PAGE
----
SJF scheduling is a special case of priority scheduling in which the priority is the inverse of the CPU burst length. Solution to starvation problem: The priority of a process increases as the waiting time increases (aging technique).
Computer Architecture WS 06/07 Dr.-Ing. Stefan Freinatis

Priority Scheduling
Assume low numbers representing high priorities
Process P1 P2 P3 P4 P5 Burst time 10 ms 1 ms 2 ms 1 ms 5 ms Priority 3 1 4 5 2
Scheduling

All processes arrive at time 0. For non-preemptive scheduling the Gantt chart is:

P2
0 1

P5
6

P1
16
Computer Architecture WS 06/07

P3
18

P4
19

t [ms]

Dr.-Ing. Stefan Freinatis

Priority Scheduling
Process Burst time Arrival time Priority P1 P2 P3 P4 P5 P2 P5 P1 P3 P4
0 5 10 15
Computer Architecture

Scheduling

10 ms 1 ms 2 ms 1 ms 5 ms

0 ms 2 ms 2 ms 6 ms 12 ms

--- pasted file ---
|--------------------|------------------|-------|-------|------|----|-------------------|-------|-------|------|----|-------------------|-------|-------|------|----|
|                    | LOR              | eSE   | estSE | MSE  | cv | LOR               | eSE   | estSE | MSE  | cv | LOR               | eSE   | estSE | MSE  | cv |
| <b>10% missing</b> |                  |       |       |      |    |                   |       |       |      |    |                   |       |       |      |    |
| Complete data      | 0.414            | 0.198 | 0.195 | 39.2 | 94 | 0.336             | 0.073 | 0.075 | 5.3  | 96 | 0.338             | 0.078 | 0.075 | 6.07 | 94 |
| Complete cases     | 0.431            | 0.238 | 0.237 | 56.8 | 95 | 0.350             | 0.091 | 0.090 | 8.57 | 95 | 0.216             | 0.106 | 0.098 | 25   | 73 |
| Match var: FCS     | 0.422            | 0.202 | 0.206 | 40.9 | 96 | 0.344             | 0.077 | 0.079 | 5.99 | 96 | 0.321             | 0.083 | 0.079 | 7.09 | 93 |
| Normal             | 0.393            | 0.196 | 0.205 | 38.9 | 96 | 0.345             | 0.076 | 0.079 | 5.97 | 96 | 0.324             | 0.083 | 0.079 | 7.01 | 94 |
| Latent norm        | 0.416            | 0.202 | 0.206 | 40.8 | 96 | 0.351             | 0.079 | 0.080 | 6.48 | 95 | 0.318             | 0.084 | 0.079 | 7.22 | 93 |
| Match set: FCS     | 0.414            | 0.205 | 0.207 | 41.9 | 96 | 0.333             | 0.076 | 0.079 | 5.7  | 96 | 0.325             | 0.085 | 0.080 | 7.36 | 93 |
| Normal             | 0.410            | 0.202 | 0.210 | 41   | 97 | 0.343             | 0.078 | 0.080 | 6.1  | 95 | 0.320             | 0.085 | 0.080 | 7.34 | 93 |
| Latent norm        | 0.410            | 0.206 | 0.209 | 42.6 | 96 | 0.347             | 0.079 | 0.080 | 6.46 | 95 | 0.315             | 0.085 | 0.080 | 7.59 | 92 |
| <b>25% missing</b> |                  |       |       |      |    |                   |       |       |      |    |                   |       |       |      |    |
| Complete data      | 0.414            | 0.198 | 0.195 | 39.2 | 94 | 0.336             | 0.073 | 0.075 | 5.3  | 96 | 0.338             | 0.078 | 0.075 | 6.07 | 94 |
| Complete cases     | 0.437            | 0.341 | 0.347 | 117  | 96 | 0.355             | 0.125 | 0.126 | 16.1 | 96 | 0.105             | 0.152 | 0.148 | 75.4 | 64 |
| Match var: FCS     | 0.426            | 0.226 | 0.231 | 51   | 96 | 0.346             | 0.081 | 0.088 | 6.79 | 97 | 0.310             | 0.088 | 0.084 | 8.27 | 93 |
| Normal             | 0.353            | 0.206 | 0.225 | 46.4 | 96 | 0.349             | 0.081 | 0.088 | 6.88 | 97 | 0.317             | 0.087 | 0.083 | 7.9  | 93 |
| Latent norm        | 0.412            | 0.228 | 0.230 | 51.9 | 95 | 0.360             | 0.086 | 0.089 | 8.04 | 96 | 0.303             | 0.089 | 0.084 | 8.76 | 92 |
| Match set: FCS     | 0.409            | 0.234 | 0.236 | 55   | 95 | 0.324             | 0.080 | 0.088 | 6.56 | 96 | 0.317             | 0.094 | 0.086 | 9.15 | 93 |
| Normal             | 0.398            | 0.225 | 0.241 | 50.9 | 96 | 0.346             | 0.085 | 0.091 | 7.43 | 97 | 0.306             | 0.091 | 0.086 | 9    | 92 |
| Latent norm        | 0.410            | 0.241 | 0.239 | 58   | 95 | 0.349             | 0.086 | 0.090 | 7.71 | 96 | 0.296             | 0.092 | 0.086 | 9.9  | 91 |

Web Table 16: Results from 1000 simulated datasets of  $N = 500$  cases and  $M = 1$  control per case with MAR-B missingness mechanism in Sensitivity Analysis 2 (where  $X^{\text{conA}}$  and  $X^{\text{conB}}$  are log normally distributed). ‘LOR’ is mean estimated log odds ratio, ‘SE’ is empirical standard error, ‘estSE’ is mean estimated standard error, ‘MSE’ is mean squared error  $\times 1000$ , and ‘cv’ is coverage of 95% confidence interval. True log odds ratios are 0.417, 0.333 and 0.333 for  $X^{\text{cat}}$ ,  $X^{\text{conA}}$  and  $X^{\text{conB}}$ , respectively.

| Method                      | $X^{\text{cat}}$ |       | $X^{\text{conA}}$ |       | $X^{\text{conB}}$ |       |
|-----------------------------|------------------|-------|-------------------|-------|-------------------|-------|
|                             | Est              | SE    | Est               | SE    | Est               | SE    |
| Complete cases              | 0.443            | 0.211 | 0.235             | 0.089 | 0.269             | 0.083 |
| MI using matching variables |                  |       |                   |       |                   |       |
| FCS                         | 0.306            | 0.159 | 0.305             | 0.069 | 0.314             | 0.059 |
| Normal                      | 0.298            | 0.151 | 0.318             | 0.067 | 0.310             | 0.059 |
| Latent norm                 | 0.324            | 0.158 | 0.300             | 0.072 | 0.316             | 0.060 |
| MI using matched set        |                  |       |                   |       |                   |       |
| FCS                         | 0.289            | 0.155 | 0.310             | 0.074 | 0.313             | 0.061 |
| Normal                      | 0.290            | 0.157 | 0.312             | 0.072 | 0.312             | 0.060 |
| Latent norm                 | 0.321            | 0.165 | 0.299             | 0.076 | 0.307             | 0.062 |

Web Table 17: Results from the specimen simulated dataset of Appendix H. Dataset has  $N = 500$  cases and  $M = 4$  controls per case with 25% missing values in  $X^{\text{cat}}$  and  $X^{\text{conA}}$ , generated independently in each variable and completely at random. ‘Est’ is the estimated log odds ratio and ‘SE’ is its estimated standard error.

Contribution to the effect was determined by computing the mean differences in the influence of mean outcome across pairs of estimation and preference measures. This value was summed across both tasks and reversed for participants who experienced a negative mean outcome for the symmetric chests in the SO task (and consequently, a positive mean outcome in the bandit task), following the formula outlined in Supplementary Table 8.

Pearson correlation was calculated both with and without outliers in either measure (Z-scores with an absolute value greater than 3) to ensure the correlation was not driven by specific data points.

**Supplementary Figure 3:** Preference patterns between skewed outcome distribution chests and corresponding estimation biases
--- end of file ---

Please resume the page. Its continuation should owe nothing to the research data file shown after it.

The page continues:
3 1 4 5 2

Here: preemptive scheduling.

Timing diagram
Processes sorted by priority = running = ready

20
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t [ms]
Dr.-Ing. Stefan Freinatis

Round Robin
Each process gets a small unit of CPU time (time quantum), usually 10-100 milliseconds. After the quantum has elapsed, the process is preempted and added to the end of the ready queue.
Scheduling

Burst quantum
When the current CPU burst is smaller than the time quantum, the process itself will release the CPU (changing state into waiting).

Burst > quantum


The process is interrupted and another process is dispatched.